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The New York Times, January 7, 1901

Untitled Editorial on Anti-Imperialism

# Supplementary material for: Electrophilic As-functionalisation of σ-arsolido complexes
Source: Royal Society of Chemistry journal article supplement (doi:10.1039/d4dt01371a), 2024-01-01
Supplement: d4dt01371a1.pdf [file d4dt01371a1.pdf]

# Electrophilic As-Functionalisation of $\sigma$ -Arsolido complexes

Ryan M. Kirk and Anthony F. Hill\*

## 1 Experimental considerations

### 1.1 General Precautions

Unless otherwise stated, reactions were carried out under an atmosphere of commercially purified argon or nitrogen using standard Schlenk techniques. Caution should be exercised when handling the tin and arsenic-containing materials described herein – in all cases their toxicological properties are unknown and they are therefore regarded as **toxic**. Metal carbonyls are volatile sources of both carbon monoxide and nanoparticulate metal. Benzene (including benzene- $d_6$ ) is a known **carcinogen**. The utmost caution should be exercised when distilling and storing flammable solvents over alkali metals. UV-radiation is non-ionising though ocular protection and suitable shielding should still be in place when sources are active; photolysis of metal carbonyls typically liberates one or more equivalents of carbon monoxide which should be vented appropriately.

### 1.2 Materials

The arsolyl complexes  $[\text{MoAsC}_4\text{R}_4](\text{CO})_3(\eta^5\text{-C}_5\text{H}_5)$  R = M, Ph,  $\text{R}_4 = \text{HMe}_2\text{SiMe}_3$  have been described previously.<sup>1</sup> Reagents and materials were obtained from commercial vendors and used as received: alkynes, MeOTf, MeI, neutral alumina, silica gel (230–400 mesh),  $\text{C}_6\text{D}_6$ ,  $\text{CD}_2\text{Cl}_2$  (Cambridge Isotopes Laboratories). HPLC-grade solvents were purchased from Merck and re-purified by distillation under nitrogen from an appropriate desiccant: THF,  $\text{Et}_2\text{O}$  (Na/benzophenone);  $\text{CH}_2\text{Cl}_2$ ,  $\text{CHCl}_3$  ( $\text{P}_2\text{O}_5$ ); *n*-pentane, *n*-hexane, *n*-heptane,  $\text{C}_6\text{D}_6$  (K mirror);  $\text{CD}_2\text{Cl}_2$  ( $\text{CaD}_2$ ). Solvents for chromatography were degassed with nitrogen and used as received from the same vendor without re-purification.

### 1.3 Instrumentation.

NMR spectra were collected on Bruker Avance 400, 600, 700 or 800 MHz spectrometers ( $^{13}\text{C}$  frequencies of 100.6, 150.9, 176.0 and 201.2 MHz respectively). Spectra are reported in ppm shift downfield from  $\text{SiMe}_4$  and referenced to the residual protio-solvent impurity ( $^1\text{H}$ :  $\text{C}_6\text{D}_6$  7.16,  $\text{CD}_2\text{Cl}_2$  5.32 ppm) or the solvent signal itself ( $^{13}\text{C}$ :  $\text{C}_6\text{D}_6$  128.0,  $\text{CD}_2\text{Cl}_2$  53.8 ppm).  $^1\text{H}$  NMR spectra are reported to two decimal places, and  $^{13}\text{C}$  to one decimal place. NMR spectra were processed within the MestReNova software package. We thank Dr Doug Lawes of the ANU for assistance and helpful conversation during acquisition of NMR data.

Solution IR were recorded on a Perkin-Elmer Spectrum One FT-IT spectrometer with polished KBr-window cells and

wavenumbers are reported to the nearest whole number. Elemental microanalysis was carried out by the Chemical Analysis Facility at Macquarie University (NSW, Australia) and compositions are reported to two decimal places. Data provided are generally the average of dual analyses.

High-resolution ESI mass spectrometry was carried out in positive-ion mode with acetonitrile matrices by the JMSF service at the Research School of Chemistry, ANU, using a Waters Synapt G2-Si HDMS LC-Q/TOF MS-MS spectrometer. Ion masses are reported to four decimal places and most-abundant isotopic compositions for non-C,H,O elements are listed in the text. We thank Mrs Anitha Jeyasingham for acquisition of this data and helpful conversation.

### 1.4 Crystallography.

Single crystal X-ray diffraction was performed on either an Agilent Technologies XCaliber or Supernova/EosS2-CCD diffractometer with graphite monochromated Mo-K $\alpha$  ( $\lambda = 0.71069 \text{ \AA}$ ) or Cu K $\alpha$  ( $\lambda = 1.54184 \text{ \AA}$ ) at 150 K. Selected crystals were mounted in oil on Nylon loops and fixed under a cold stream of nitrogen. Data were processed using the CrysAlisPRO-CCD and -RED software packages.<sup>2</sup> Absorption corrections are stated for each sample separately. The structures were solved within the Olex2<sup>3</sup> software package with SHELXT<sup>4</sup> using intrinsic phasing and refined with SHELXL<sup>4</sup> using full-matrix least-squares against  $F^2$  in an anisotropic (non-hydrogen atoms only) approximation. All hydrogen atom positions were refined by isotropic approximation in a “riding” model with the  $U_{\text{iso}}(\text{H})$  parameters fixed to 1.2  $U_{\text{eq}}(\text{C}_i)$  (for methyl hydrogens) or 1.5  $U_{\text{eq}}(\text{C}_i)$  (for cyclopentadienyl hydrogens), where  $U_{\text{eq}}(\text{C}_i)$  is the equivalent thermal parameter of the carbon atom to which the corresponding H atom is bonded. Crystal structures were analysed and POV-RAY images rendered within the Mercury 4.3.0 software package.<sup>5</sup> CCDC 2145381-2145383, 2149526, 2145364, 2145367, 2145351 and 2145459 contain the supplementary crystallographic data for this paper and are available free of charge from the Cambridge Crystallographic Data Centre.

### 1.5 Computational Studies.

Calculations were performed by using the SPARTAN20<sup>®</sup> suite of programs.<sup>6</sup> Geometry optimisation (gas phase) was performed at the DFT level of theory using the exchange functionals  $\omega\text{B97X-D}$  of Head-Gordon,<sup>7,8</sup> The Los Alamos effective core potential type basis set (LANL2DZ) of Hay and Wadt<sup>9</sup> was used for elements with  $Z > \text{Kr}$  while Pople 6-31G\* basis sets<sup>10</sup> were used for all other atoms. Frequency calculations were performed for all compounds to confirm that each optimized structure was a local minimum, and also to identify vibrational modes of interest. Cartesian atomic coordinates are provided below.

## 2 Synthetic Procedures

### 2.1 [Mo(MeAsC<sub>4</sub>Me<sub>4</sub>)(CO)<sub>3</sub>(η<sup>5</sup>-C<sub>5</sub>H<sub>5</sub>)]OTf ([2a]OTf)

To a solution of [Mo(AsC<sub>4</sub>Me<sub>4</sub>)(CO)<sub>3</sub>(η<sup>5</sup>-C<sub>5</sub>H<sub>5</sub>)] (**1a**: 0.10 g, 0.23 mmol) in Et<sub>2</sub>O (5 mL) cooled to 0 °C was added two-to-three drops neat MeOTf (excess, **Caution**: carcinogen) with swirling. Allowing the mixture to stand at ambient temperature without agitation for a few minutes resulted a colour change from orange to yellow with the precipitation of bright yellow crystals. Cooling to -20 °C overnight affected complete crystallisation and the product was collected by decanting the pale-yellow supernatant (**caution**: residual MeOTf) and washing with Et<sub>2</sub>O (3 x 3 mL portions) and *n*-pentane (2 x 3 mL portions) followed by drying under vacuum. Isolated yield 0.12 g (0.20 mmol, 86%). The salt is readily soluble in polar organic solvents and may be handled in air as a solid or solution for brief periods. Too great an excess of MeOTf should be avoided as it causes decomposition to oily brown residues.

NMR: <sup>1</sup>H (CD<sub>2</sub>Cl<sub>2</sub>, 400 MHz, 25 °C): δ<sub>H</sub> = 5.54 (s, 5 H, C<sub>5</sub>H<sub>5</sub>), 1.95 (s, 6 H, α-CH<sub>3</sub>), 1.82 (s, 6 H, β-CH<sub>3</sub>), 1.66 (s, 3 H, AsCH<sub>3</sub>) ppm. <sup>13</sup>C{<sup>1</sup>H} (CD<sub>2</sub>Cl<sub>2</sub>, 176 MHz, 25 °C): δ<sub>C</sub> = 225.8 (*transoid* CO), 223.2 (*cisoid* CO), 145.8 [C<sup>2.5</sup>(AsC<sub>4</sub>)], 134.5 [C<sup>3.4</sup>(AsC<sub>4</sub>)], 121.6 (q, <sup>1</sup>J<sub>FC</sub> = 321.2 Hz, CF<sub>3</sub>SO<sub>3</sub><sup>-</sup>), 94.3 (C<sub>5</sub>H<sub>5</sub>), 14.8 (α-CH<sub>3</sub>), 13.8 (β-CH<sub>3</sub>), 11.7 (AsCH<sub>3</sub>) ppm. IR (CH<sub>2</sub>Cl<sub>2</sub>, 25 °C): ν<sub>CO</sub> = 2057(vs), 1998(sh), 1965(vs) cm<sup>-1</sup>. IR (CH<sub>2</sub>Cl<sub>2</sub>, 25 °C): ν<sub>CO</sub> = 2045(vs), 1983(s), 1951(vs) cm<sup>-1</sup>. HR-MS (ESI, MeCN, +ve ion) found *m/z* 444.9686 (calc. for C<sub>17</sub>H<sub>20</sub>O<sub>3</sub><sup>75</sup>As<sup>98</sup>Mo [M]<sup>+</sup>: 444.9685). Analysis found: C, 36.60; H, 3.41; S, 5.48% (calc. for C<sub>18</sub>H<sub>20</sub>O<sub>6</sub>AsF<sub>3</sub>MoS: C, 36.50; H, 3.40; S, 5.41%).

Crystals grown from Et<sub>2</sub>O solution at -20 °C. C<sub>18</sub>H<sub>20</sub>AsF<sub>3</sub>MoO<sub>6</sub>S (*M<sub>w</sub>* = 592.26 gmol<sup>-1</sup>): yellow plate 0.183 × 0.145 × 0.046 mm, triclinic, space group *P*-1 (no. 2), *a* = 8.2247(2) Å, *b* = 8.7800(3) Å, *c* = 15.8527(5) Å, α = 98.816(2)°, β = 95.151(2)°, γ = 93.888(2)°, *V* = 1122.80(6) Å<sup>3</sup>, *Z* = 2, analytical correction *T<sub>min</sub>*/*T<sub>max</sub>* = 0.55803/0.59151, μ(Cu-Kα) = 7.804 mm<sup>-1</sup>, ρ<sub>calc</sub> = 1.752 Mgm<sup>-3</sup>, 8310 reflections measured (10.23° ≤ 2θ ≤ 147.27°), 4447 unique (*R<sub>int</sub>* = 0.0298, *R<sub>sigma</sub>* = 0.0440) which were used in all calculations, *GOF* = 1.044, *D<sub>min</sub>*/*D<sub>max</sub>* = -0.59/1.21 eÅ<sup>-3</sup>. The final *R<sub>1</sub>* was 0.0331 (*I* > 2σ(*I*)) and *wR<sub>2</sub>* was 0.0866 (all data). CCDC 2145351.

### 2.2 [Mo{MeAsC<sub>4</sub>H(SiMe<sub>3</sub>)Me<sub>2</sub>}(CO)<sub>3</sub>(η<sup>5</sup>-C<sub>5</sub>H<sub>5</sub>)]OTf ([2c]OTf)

Imitation can be the severest condemnation, as well as the sincerest flattery, and it was doubtless with the intention of expressing in characteristic way his disgust, natural to all patriotic Americans, at the imprudence of the anti-imperialists that Mr. Clemens, at the City Club dinner, professed "a strong aversion to sending our bright boys out to the Philippines to fight with a disgraced musket under a polluted flag." The professional humorist must vary his effects, under penalty, if he does not, of becoming wearisome at last, and it is an entirely legitimate device for him occasionally to put on a solemn face and with all the accustomed signals of sincerity to exploit with seeming earnestness the views held by foolish or wicked or deluded persons on some great question. The late "Petroleum V. Nasby" did this with brilliant success, and it is no wonder that "Mark Twain" aspires to win a triumph of the same sort. But the plan, though good when skillfully carried out, has its incidental dangers. Mr. Locke avoided them, possibly because he had never justified any suspicion of a desire on his part to preach directly, instead of indirectly. Mr. Clemens, unfortunately, has suggested several times of late that his inclination lies that way, that fame as a humorist does not content him, and that he aspires to add to his own abundant laurels those which lesser men acquire by the maintenance of a consistent gravity. This has now and then proved confusing, even to some of his most ardent admirers, and we very much fear lest his present assumption of anti-imperialism's garments may deceive the hasty-minded into thinking that he wears them from choice and habit. Of course Mr. Clemens is not so poor a jester that he need paint large on every one of his inventions, "This is a joke," but he should not go to the other extreme and trust too confidently to the existence of a universal sense of humor. When he talks about the United States flag as "polluted," it would be only reasonable caution to give us all a reassuring and explanatory wink. Else may mistakes follow -- mistakes the consequences of which to his popularity may be serious.

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